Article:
Monday, February 05, 2007

First thoughts on our discussions

Time to reflect on our discussions in church about belonging and stuff. It's been a good conversation so far for a couple of very simple reasons.

The first is that a lot of people are joining in. More are attending our mid-week central gathering than usual, others are emailing ideas or collaring us at church on Sunday to express a view or ask a question. This is all great - though collating it all and getting that disseminated to others is a challenge!

The second is that people are talking and listening to each other. There was a healthy degree of honesty last week and even disagreement that didn't descend into rancour. I had the sense of people expressing their view and then, on hearing a contrary view reasonably stated, pausing to reflect on whether they should amend their view. This is progress, I feel.

Over on Stuart Blythe's excellent Word at the Barricades, he reflects on whether we should count as members those who turn up to discuss and discern what God is saying to the church. I like this bottom-up, non-institutional approach. Stuart says:

maybe members should be recognised as those who attend the meetings to share in
the discussing and discerning! To put that differently, if we consider that
the practice of communal discernment is important, if that is a conviction, let
us make it more important in practice not less.

I like his phrase 'communal discernment'. It strikes me that this is what congregational government ought to be about. It seems to me to be what Paul argues on 1 Corinthians 2 about us having the mind of Christ.

I do have an observation/question about it, however, and it's this: people seem to have a default position that they do not want to things they find comfortable and familiar to change. We want new people to join the church but we don't want the way we do church to be affected by that. So when those people gather to 'communally discern' they tend to think that God is interested in maintaining the status quo, the way we do things here. After all, at some point in our history, we have communally discerned that this is the right way to do things.

So it seems to me that the role leaders have in congregational government is to bring the bigger picture against which communal discernment now must take place. And that bigger picture is especially informed by scripture and culture and particularly the reading of scripture in the light of the cultural situation in which we must embody, incarnate our gathering called church.

So it seems to be that communal discernment has to be about hearing Christ in the scriptures and the wider world as well as about hearing Christ through one another gathered to chart a way forward.


Anonymous said...

Getting people to change long held views is perhaps the first step towards getting people to change practice so well done if people are re-thinking thier position on things in light of participation!

Trev said...

I might be wrong, but I am finding people resist change not because it will be unscriptural but rather as you say from a sense of being to be made uncomfortable. In fact, if people did allow themselves to be searched by scripture (very uncomfortable) their communal discernment will be of greater effect. However, I am suprised how among evangelical protestant believers there is a lack of understanding about the scripture. We assume most hold to the same views as us but as I shockingly have found many don't for various reasons. Has our over emphasis as evangelicals on conversion at the loss of discipleship led to this?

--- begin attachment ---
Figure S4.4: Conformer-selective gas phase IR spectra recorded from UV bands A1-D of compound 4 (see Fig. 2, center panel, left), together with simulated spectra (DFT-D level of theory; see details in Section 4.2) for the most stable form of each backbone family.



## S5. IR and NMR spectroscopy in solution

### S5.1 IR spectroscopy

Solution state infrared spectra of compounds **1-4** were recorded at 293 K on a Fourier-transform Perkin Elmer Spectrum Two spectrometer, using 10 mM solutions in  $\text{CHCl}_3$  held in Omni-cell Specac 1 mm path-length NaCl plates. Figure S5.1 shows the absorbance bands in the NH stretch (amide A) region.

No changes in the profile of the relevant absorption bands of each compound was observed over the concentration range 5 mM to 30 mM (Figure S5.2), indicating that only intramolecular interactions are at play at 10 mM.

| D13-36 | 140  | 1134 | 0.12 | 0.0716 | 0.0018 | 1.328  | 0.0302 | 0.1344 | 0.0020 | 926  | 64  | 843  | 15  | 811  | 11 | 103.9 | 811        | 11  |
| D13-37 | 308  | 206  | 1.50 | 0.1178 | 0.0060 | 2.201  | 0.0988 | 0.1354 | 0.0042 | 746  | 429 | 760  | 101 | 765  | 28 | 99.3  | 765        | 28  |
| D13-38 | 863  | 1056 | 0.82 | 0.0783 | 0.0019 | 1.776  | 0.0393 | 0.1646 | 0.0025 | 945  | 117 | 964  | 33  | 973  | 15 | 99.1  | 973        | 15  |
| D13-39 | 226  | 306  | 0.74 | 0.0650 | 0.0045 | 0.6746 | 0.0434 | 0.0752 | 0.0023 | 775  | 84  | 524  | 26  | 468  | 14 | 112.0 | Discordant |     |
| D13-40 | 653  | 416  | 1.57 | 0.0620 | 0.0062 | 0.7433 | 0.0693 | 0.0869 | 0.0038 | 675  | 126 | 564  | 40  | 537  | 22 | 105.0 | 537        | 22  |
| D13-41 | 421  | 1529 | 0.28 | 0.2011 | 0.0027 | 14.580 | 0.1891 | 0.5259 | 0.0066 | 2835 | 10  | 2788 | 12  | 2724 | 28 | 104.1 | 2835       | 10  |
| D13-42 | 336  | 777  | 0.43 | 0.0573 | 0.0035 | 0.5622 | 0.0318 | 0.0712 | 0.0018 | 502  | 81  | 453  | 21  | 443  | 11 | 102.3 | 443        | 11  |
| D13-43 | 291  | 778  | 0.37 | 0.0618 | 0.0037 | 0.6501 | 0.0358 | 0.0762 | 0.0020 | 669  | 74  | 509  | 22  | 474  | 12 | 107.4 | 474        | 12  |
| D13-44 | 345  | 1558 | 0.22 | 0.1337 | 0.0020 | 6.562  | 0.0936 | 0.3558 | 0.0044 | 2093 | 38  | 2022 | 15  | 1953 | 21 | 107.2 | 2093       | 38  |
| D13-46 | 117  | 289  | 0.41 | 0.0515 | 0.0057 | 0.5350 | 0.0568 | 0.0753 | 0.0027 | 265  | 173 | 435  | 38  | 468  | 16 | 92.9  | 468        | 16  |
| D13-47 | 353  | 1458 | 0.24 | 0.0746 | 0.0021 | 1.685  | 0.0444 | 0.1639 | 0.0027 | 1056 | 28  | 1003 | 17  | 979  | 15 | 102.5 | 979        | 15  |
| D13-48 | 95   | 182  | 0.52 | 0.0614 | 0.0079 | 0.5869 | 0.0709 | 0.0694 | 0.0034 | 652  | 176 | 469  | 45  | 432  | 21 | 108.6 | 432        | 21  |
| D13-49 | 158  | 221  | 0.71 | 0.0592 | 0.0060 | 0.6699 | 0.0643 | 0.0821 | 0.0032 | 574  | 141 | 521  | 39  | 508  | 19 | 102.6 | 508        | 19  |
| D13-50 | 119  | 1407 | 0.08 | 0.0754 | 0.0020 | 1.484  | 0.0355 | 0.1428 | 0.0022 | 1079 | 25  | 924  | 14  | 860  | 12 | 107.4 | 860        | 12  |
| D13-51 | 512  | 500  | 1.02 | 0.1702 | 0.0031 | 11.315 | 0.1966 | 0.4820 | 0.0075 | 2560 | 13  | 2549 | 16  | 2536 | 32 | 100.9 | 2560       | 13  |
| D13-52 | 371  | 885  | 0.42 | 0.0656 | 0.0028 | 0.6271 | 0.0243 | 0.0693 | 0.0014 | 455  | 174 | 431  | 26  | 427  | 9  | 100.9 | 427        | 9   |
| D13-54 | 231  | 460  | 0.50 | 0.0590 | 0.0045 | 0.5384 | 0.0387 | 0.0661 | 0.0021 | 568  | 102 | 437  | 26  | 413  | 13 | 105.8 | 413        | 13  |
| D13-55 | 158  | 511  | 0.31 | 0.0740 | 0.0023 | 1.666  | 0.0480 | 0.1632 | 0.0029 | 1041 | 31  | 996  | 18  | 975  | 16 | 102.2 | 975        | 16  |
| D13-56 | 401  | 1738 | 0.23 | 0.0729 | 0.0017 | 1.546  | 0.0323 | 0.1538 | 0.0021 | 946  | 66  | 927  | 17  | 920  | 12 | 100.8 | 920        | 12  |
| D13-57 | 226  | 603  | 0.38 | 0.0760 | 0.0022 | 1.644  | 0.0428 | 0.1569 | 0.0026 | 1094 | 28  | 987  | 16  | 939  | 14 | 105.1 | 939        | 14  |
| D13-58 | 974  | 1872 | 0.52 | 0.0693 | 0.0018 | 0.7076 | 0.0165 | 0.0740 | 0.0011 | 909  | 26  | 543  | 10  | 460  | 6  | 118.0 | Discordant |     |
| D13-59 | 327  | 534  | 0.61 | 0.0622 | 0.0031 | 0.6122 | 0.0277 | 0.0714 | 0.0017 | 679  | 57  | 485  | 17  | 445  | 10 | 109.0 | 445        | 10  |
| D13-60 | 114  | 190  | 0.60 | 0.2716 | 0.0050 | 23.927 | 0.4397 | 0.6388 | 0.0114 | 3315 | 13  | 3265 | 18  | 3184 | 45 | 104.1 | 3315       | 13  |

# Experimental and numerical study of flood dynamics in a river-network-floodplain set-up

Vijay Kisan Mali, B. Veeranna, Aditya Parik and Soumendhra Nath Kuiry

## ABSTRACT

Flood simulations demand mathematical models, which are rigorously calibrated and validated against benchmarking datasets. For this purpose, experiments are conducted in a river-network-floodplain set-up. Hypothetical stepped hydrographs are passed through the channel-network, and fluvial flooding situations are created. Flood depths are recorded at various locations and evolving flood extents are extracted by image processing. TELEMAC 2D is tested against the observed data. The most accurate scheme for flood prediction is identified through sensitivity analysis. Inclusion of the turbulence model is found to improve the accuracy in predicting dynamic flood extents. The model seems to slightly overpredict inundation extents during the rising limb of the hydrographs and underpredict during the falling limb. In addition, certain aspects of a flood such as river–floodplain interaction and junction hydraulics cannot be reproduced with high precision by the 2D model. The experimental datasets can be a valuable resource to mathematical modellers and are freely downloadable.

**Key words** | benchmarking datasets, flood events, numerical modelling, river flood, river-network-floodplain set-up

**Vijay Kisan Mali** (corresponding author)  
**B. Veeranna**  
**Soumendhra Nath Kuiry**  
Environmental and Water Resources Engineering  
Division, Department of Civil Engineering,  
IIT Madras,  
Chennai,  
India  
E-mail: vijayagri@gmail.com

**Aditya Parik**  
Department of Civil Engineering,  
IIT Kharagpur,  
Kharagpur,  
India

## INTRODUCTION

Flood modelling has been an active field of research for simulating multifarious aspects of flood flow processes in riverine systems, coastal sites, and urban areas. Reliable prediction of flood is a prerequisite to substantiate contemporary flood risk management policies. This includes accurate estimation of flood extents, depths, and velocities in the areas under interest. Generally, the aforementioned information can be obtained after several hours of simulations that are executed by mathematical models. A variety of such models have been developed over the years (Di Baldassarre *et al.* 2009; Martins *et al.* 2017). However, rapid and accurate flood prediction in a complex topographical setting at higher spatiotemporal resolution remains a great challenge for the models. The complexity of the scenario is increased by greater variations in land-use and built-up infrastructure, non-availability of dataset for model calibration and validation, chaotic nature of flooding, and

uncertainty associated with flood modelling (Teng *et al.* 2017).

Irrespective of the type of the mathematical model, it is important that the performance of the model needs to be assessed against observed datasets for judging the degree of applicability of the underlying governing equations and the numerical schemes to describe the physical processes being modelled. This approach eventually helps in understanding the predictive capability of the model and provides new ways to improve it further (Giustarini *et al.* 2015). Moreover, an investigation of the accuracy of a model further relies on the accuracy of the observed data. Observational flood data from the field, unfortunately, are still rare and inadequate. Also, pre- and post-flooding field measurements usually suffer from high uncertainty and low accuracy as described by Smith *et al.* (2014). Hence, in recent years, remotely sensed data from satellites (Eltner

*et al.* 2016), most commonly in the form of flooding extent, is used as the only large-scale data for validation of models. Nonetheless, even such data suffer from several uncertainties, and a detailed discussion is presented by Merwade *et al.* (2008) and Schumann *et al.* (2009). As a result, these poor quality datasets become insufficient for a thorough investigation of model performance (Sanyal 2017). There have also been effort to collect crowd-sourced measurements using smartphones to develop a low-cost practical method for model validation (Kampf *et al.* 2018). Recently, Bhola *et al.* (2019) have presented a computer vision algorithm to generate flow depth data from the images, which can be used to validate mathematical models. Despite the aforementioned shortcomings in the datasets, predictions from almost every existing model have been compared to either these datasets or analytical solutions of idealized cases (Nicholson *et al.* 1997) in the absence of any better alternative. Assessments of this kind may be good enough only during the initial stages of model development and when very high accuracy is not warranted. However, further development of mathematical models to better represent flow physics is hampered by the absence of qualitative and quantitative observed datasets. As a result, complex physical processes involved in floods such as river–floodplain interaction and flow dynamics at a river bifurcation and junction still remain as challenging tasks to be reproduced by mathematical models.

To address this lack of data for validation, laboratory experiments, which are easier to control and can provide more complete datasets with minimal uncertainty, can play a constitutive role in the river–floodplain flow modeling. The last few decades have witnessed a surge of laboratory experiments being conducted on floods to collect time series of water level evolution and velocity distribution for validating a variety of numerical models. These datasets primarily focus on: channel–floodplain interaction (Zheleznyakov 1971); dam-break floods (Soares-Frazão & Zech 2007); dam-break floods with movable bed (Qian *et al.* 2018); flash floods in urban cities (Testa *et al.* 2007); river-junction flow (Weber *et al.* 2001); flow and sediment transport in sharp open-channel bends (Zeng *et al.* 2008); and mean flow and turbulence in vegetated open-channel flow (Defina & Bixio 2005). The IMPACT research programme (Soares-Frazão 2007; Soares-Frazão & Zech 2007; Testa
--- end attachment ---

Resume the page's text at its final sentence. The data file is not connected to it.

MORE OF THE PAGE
Stuart Blythe said...

Hi Simon

Continue to follow your dicussions with interest.

I do think that 'leadership' has a responsibility in communal discernment - and that is to help people do it in a 'disciplined'way. Up to now I have thought of this discipline (with thanks to the contribution of others) of involving the outward disciplines of - Being open to listen, being open to speak, and crucially being open to change our minds and in dynamic with this the inward disciplines of listening to our own voice, listening to the voice of others and listening to the voice of Christ. Yet what you raise are issues of alternative voices - culture and the world. Perhaps indeed leaders should bring this perspective. I wonder further what would happen if we invited to our meeting alternative voices of local people - not part of the Church - not to discern with us - but to help us listen to the world and culture as it sees us so that in turn we can then discern. This I suspect, however, might be a step too far for some who would become defensive or want to convince them without actually really listening.

My present problem is finding a place to try some of this...

Jonathan said...
This comment has been removed by a blog administrator.
Jonathan said...

I am inspired by the idea of facilitating hearing the voices of others outside our church communites as part of our discerning processes. I recognise the frustration of finding the place for it, but am left with the question "If we don't, who will?".

In terms of practice we know so litle of the Church in those first few years after Jesus' resurrection, however there seems to be enough evidence to suggest that its work was rooted in responding to the physical, spritual and health needs of those immediately around the Christ-following community. If Peter and John hadn't heard the plea for help at the beautiful gate they couldn't have reponded. It was more than the voice of the beggar in the plea, it was also the Spirit's guidance.